A guest blog post by Jolyon Kimble of APCO Worldwide.

Last week we held a discussion on leadership with two remarkable leaders. One was Lord Browne, former boss of one of the world’s biggest energy companies. As many people know, he’s white, and a man. The other was Alison Lowe, Labour Councillor and head of a mental health charity in the north of England. Alison is black, and a woman. She’s not as well known. You might think that this was the elite versus the forgotten. Yet it was nothing like that. Neither leader lends themselves to easy categorisation, both have felt like outsiders for long periods, and both have come to similar conclusions on leadership.
The title of the discussion was ‘How do leaders reconnect?’. Like ‘Make America Great Again’ or ‘Take back control’ that title presupposes that something has gone wrong somewhere. And that it can be fixed. Everyone has their own opinions on that, but what’s certain is that it’s never been a more important discussion to have, whether you are talking about business or politics. It’s also clear that expectations of leaders are shifting, and meeting these expectations is harder than ever. Even if you think you are doing it well, you may not be connecting.
These changing expectations are borne out by polling (trust us, this one’s reliable…) In a July survey by our research arm, APCO Insight, of nearly 200 business leaders, policy makers and influencers:

  • 89 percent agreed that today’s leader faces more demands now compared to 10 years ago
  • 90 percent said leaders must be more responsive to the concerns of external audiences
  • 87 percent told us they agree leaders should advocate for social – as well as business – issues

But while this sounds right where do leaders begin? It’s a tough road. Our speakers suggested companies are not very good at understanding how they affect people – you only have to look at companies that surround themselves with fences and then say they want to engage. And leaders are not good at engaging – they listen selectively, they are prone, like the rest of us, to confirmation bias, they can quickly treat stakeholders as enemies. Leaders talk about authenticity and the concept of inclusion, but these can be early casualties of fear. Both our speakers said they had had to learn to be authentic to themselves before they could become authentic leaders – journeys that were painful and full of mistakes.
The panel agreed there was little substitute for making mistakes. Mistakes are good – except when they are not. The problem comes when there is little retribution for mistakes (the banking crisis the worst recent example), and when every mistake is too easily explained away. That undermines public trust. And trust is important. As the saying goes ‘trust is the act of making yourself vulnerable in the belief that you won’t get hurt’, and our speakers suggested too few leaders were that brave. The most difficult act, as a leader, is turning round when you are going in the wrong direction. As most successful leaders are pushy and stubborn, turning around is against their core beliefs. That’s where we come in. Advisers have to be brave, and be pushy back. We have to remind leaders it’s not about self-aggrandisement, it’s about values. And it’s OK to fail to later succeed.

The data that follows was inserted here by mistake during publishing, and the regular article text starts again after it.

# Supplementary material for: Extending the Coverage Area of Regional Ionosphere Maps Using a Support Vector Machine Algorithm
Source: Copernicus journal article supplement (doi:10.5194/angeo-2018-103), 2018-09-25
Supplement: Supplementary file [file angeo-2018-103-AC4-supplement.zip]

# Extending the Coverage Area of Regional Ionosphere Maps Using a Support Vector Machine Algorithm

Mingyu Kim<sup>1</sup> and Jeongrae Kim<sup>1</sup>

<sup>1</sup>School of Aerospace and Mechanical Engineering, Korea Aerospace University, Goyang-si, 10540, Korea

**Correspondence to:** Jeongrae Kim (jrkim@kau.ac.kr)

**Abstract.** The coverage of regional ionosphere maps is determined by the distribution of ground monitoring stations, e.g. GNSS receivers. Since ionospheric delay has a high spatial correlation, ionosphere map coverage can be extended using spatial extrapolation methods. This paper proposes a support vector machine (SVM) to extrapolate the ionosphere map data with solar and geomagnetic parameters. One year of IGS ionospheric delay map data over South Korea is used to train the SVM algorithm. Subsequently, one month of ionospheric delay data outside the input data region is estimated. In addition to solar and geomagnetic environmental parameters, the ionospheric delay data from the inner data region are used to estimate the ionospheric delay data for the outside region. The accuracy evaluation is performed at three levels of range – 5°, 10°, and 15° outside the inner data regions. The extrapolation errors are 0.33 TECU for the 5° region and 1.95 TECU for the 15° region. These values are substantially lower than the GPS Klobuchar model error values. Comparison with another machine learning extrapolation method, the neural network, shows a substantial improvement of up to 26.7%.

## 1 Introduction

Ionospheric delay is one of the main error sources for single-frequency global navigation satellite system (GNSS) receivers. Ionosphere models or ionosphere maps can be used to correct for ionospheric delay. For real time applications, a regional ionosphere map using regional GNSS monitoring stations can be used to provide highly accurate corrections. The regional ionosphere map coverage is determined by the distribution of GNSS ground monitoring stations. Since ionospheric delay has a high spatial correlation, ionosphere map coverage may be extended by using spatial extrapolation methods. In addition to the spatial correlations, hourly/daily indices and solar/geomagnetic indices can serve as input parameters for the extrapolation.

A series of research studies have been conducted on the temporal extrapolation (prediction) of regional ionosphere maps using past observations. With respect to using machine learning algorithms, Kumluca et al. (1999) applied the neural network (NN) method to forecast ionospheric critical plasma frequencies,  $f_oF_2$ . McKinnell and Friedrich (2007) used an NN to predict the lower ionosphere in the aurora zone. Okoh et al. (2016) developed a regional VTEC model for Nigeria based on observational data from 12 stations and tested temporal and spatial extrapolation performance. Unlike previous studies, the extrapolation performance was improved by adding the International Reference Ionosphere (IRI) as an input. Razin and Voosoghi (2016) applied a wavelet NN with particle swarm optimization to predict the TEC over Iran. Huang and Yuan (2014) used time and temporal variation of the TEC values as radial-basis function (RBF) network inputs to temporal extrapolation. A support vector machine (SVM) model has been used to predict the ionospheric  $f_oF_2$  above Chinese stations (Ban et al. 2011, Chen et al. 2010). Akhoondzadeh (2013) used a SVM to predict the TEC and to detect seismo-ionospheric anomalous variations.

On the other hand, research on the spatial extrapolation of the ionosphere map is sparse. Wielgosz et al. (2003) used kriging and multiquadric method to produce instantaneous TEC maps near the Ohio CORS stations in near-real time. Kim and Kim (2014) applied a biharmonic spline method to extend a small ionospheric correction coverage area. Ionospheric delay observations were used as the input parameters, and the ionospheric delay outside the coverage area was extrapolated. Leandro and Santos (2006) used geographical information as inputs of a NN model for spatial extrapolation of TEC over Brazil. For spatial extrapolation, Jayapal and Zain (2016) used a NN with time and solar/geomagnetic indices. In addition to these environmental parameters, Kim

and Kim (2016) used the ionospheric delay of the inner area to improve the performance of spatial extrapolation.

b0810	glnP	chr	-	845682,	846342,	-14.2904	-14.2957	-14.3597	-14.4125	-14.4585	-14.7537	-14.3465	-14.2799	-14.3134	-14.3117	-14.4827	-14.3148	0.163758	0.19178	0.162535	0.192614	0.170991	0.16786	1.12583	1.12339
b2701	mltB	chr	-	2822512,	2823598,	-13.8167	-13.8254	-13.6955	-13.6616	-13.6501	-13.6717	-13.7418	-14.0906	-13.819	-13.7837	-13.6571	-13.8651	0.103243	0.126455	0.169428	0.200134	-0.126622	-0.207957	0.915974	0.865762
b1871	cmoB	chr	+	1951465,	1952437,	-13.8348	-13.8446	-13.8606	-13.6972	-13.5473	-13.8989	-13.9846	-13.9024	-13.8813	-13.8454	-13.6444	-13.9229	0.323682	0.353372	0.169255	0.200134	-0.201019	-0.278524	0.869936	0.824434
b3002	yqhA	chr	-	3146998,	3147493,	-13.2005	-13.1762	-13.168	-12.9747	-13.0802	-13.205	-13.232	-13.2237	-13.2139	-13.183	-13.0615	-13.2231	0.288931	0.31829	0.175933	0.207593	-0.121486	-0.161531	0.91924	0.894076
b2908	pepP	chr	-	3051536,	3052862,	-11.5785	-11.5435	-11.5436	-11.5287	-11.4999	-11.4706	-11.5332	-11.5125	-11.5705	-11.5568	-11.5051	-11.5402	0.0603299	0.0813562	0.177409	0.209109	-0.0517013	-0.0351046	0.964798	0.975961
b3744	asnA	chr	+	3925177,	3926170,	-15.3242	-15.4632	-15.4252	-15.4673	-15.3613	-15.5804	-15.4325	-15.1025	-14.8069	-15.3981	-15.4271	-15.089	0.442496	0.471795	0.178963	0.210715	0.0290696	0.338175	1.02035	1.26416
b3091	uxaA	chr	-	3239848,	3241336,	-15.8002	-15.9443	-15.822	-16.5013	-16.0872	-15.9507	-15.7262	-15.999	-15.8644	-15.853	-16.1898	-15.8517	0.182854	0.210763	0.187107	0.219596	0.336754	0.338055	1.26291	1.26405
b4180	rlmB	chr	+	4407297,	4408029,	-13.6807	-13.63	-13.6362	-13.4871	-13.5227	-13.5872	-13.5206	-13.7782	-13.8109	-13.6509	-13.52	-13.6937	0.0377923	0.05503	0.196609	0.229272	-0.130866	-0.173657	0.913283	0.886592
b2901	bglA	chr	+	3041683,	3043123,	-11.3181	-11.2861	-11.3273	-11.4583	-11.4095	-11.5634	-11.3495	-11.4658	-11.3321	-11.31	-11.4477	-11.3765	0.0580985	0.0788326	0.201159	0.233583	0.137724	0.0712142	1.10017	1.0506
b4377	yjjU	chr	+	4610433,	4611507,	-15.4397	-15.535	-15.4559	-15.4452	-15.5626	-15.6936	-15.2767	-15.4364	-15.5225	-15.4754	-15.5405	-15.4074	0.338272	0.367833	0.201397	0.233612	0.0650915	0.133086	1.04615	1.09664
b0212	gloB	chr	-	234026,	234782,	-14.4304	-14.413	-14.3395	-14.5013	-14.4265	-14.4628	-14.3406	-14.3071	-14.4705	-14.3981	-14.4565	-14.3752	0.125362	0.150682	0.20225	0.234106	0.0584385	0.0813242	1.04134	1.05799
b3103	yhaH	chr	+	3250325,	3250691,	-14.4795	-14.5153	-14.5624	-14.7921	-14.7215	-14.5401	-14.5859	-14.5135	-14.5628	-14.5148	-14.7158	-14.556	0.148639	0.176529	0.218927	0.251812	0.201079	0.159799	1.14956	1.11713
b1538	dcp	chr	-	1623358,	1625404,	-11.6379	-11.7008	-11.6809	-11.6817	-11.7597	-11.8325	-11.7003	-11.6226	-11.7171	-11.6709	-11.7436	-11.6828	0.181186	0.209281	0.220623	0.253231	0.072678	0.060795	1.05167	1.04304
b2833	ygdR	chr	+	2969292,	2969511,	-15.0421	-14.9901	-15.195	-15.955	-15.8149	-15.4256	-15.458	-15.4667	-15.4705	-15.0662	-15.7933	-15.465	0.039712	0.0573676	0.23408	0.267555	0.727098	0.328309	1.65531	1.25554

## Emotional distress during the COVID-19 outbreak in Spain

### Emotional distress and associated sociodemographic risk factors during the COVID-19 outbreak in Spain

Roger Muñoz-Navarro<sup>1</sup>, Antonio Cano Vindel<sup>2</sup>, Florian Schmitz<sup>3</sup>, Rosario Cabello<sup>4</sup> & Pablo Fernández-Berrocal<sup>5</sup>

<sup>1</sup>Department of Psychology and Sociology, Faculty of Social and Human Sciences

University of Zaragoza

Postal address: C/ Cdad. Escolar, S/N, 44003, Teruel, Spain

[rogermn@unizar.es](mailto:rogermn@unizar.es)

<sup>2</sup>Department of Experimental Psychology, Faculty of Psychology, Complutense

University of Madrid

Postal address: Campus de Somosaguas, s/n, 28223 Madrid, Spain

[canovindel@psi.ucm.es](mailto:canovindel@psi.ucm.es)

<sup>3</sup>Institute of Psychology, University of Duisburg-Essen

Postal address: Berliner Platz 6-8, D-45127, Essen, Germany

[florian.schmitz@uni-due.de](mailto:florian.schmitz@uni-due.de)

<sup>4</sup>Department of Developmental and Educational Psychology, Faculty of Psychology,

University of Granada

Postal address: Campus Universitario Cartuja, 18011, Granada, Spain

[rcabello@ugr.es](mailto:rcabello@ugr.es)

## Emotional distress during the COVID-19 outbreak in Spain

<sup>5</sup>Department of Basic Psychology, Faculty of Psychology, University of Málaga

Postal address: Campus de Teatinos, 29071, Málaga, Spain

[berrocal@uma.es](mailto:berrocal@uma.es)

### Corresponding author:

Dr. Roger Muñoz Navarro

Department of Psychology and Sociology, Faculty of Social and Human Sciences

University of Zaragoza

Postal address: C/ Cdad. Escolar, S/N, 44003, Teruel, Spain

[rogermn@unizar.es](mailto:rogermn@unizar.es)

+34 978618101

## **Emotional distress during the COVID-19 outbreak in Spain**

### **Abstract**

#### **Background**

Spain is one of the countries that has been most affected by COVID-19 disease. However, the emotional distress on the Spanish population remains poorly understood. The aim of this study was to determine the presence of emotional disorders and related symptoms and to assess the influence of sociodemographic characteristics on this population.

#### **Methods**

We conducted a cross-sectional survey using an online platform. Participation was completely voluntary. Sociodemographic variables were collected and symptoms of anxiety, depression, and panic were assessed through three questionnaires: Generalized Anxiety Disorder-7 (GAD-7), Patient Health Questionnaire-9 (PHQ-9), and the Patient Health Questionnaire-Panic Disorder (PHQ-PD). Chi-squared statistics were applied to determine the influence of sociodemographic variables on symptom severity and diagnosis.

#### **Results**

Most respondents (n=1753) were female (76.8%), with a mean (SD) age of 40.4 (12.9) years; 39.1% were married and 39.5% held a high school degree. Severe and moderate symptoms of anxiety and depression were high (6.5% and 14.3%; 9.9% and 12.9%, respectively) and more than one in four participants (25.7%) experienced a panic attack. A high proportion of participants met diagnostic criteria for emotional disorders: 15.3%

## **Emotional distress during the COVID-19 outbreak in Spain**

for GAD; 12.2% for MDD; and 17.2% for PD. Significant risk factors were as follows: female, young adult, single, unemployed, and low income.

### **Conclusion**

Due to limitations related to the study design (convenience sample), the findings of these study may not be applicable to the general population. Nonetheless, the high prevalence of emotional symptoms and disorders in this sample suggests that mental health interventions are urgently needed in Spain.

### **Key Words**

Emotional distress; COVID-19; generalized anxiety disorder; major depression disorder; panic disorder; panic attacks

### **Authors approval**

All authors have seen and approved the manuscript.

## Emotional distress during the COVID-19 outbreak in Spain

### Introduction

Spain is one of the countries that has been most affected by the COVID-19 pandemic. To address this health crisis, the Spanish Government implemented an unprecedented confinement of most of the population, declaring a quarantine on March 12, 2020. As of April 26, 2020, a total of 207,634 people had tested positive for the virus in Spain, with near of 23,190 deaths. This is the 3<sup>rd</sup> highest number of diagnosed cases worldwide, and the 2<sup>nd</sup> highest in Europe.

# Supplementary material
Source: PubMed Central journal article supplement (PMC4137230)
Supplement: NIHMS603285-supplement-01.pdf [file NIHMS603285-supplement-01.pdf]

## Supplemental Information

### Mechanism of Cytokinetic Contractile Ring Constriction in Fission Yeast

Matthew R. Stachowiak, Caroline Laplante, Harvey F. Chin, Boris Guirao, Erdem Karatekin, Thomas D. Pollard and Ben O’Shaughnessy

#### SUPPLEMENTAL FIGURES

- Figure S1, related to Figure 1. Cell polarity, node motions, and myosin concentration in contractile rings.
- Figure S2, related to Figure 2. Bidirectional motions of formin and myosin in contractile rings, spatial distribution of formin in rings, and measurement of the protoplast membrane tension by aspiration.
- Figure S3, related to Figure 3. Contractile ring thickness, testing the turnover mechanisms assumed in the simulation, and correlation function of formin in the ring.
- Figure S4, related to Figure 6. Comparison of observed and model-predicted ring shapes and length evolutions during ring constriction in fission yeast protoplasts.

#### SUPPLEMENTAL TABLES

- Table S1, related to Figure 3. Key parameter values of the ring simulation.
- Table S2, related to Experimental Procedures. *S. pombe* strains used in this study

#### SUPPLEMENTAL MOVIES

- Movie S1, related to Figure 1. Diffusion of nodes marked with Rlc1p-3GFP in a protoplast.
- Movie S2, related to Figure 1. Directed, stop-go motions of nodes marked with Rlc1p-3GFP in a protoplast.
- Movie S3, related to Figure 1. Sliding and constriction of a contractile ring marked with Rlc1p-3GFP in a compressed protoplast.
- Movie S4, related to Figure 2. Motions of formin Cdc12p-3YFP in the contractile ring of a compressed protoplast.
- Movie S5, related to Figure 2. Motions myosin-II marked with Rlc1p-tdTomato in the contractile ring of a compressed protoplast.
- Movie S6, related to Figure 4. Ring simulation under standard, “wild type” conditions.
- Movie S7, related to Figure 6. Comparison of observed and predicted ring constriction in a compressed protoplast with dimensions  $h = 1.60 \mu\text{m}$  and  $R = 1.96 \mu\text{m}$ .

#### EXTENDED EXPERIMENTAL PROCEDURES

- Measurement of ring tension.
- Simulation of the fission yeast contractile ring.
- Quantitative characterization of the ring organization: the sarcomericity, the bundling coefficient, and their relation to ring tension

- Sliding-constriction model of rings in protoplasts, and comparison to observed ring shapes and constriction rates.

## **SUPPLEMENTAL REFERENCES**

Aside from honest counsel, leaders more than ever want answers on how they need to be positioned in relation to all kinds of stakeholders, but there’s relatively little data out there to help. At APCO we have built our own methodology to tackle this, based on rigorous research and our own experience over many years. It’s called APCO Lead. This programme identifies a leader’s reputational assets and areas for improvement, classifies differentiators and establishes the leader’s personal ‘archetype’ – their strategic positioning. But mostly, it recognises that they have to be authentic, and builds that in.
Authenticity is not a compromise. It’s a competitive advantage. Lord Browne and his co-authors estimate that companies that connect effectively can enjoy a boost of up to 30 per cent of corporate earnings. Equally, the shares of companies which connect effectively outperform those of their competitors by more than 2 per cent every year. Imagine what leadership that connects can deliver.
Lord Browne’s book “Connect: How companies succeed by engaging radically with society” is published by WH Allen
APCO Lead contacts: Jolyon Kimble jkimble@apcoworldwide.com and Chris Levy clevy@apcoworldwide.com
The session was hosted by APCO Worldwide and moderated by Sean Trainor of Uber Engagement